By Stuart A. Rice
This sequence presents the chemical physics box with a discussion board for serious, authoritative reviews of advances in each zone of the self-discipline.
subject matters incorporated during this quantity contain contemporary advancements in classical density sensible concept, nonadiabatic chemical dynamics in intermediate and severe laser fields, and bilayers and their simulation.Content:
Chapter 1 fresh advancements in Classical Density sensible idea (pages 1–92): James F. Lutsko
Chapter 2 Nonadiabatic Chemical Dynamics in Intermediate and severe Laser Fields (pages 93–156): Kazuo Takatsuka and Takehiro Yonehara
Chapter three Liquid Bilayer and its Simulation (pages 157–219): J. Stecki
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Additional info for Advances in Chemical Physics, Volume 144
From the equivalence of fields and densities, there will be some field that generates the density profile r0 ðrÞ at the given chemical potential. Calling this field fðr1 ; ½r0 Þ, the 13 RECENT DEVELOPMENTS IN CLASSICAL DENSITY FUNCTIONAL THEORY Euler–Lagrange equation can be used, giving Z dr1 ½bm À ln r0 ðr1 Þ À bfðr1 ; ½r0 Þðr1 ðr1 ÞÀr0 ðr1 ÞÞ bFex ½r1 ¼ bFex ½r0 þ Z Z 1 Z l @r 0 ðr1 Þ @rl0 ðr2 Þ 0 dr1 dr2 c2 ðr1 ; r2 ; ½rl0 Þ l 0 dl dl À @l @l0 0 0 ð43Þ Specializing to the case that the reference state is a liquid, r0 ðrÞ ¼ r0 , the field bfðr1 ; ½r0 Þ will be a constant such that m À fðr1 ; ½r0 Þ will be chemical potential that generates r0 which, though an abuse of notation, we will denote as mð r0 Þ.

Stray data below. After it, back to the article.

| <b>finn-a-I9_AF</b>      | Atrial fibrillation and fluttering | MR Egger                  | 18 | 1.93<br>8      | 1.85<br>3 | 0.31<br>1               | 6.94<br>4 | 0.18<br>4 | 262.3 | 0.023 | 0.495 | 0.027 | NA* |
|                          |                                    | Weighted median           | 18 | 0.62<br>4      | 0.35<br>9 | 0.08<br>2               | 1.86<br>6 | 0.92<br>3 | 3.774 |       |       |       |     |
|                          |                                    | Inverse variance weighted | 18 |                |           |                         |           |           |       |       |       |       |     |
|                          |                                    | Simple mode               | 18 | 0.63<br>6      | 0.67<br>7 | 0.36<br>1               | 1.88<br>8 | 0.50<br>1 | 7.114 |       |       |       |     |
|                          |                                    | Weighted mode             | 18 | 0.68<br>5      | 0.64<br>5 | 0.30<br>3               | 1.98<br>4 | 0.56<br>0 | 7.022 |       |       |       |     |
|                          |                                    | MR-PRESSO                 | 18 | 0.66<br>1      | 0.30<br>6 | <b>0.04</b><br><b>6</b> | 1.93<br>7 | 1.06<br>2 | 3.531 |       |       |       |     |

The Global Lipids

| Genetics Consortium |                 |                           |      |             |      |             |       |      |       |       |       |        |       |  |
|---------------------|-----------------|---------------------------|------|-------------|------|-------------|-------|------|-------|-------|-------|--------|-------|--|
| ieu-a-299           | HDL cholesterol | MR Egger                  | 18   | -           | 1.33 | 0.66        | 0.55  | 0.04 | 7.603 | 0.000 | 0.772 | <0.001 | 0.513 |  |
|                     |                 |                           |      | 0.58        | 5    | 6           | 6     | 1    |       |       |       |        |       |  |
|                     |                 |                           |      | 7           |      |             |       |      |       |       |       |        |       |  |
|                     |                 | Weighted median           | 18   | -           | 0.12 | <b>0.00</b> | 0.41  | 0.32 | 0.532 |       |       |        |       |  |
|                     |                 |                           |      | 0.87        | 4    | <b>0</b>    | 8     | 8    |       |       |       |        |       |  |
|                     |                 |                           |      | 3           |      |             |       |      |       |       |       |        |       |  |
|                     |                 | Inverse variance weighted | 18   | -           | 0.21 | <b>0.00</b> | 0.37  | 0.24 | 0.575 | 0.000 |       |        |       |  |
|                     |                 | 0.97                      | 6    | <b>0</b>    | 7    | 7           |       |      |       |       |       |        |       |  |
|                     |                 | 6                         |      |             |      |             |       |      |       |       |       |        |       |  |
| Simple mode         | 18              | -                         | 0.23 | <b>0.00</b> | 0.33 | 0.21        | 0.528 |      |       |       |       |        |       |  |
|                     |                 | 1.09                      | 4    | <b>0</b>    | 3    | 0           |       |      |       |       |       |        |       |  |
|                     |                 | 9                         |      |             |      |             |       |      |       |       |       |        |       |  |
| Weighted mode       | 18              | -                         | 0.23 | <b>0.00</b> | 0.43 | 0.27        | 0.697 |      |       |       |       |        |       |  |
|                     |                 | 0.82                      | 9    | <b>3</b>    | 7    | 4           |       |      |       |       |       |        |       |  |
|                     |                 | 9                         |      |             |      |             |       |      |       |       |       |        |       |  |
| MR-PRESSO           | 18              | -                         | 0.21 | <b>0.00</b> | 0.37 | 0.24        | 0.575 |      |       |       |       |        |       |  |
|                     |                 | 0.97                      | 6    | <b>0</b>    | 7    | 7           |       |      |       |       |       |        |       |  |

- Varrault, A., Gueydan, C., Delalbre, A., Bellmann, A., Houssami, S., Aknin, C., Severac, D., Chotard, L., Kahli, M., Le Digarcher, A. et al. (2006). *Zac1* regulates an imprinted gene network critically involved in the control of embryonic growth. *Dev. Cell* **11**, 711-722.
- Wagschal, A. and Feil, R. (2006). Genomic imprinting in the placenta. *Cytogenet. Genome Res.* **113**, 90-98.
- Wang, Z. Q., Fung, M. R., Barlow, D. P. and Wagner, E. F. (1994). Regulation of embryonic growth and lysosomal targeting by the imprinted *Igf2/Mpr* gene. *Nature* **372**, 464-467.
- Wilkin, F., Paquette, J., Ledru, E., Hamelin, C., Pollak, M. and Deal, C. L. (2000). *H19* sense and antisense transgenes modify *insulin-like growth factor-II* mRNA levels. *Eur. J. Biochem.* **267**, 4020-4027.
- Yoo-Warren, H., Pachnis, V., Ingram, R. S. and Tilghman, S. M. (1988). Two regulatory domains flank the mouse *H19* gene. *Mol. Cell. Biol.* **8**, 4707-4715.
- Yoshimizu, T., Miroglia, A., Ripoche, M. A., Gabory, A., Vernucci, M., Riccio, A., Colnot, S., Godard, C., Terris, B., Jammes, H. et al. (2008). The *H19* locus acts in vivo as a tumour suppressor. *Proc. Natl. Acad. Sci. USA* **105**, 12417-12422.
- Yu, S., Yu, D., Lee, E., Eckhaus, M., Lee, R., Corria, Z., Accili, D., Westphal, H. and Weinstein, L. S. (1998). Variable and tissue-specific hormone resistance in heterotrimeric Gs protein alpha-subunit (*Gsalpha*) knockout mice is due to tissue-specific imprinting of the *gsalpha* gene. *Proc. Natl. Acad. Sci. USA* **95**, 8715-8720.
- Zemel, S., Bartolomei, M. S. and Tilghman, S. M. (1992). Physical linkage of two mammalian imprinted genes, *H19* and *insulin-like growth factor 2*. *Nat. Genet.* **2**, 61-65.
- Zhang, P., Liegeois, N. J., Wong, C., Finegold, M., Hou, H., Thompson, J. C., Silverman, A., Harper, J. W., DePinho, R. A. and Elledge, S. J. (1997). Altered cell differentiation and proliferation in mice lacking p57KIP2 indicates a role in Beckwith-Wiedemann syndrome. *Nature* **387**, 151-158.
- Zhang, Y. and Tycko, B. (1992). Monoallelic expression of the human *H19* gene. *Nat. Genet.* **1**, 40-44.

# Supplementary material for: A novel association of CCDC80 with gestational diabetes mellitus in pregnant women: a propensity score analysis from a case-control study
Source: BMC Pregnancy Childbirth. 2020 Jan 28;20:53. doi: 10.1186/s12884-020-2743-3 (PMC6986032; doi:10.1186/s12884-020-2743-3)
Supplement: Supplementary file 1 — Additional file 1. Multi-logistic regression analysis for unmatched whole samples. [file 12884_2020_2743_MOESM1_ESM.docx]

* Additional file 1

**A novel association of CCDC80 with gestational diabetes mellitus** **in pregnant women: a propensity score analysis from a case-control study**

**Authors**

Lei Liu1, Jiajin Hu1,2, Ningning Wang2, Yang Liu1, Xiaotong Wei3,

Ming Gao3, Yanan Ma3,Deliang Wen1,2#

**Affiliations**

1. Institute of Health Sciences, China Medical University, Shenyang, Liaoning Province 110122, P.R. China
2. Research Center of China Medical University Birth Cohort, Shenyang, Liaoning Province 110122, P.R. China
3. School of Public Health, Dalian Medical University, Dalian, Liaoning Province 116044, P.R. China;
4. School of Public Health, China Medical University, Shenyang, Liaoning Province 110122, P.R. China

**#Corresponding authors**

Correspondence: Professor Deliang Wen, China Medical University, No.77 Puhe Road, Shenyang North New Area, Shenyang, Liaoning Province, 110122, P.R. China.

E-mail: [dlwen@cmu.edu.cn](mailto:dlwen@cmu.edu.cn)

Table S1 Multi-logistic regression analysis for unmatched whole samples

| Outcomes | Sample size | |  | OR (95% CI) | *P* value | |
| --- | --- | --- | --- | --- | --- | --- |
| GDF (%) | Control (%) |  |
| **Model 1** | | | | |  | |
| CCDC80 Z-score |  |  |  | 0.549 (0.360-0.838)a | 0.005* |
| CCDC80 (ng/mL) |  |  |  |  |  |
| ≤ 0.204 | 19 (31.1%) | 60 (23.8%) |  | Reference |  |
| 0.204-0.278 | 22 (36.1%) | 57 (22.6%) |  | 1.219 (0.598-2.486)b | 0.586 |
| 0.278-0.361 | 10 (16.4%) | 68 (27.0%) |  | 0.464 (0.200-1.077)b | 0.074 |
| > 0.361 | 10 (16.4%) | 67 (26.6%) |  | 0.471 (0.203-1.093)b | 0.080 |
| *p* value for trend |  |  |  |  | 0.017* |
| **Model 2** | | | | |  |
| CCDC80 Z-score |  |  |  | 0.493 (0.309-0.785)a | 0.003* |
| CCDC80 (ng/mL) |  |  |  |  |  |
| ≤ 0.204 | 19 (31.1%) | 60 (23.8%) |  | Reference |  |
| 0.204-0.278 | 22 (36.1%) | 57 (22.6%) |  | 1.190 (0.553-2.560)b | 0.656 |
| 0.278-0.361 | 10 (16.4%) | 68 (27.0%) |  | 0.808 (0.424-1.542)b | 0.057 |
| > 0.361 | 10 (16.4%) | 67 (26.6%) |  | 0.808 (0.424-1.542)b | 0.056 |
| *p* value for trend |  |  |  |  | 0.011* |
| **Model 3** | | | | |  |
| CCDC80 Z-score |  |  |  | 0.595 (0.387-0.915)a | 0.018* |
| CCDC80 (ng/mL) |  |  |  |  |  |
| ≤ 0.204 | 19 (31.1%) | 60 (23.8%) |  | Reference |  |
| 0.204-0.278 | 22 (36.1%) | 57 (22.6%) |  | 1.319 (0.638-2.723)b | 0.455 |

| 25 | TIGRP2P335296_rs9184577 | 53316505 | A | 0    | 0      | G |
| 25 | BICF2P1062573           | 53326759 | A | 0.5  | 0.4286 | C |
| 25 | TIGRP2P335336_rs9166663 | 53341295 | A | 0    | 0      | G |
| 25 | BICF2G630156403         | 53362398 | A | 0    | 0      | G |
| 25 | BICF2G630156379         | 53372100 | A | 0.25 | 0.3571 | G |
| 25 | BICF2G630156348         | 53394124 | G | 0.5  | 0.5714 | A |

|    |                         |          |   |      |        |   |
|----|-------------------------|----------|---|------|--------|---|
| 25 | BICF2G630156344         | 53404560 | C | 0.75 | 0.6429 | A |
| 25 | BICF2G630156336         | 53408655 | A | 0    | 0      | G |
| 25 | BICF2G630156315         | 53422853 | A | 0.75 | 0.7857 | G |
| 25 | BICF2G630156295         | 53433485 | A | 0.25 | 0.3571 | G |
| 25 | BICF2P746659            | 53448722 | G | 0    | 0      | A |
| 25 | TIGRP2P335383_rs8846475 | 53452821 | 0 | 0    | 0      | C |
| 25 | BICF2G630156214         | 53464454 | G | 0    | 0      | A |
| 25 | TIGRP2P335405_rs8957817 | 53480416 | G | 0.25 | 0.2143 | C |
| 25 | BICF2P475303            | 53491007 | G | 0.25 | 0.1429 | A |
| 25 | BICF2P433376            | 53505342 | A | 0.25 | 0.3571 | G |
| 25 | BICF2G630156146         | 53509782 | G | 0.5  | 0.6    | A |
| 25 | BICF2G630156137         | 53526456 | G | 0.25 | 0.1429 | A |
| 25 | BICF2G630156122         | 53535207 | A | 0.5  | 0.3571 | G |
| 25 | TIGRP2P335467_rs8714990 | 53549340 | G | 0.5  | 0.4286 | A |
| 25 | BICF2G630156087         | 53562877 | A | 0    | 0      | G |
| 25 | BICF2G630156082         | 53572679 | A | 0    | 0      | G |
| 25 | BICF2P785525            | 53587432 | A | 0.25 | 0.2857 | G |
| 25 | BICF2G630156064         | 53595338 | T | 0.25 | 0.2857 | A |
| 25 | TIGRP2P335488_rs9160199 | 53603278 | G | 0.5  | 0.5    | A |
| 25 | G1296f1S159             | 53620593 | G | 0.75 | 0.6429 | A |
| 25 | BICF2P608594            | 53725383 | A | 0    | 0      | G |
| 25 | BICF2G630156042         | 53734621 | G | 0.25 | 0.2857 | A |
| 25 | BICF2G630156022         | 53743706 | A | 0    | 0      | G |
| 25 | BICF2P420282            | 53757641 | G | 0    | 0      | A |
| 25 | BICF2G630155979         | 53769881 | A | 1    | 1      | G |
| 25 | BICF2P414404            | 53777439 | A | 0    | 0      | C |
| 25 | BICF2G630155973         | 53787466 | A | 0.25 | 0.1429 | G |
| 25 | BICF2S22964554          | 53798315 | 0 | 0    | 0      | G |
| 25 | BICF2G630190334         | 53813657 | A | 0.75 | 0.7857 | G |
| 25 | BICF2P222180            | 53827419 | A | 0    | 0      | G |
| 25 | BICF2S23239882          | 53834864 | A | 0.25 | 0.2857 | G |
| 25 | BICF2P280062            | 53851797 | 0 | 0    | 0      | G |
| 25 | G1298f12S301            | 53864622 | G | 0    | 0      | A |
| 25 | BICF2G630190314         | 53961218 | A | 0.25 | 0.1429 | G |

Whenever necessary, it is assumed in DFT that this function as well as other properties of the uniform liquid such as its two-body DCF, c2 ðr1 ; r2 ; ½ rÞ ¼ c2 ðr12 ; rÞ, the pair distribution function, and so on, are known or knowable from liquid-state theory (thermodynamic perturbation theory or integral equation theories, see, for example, Ref. 21). ” However, a moment’s thought shows that this is too simple. For example, in the case of a planar liquid–vapor interface, the grand potential of the liquid and vapor are the same (by definition of coexistence).
In the simple truncated perturbation theory, one effectively replaces the DCF of the inhomogeneous system by that of a fluid at some specified density. For bulk properties, this might suffice, even for the bulk solid, but it obviously runs into conceptual difficulties when applied to more complex systems. For example, what single value of the reference density should be chosen to approximate correlations in a liquid–vapor interface or vapor–solid interface? For a liquid–vapor system, far from the interface one knows what the DCF should be (since the DCF in the bulk is required as input for most of the DFTs discussed here).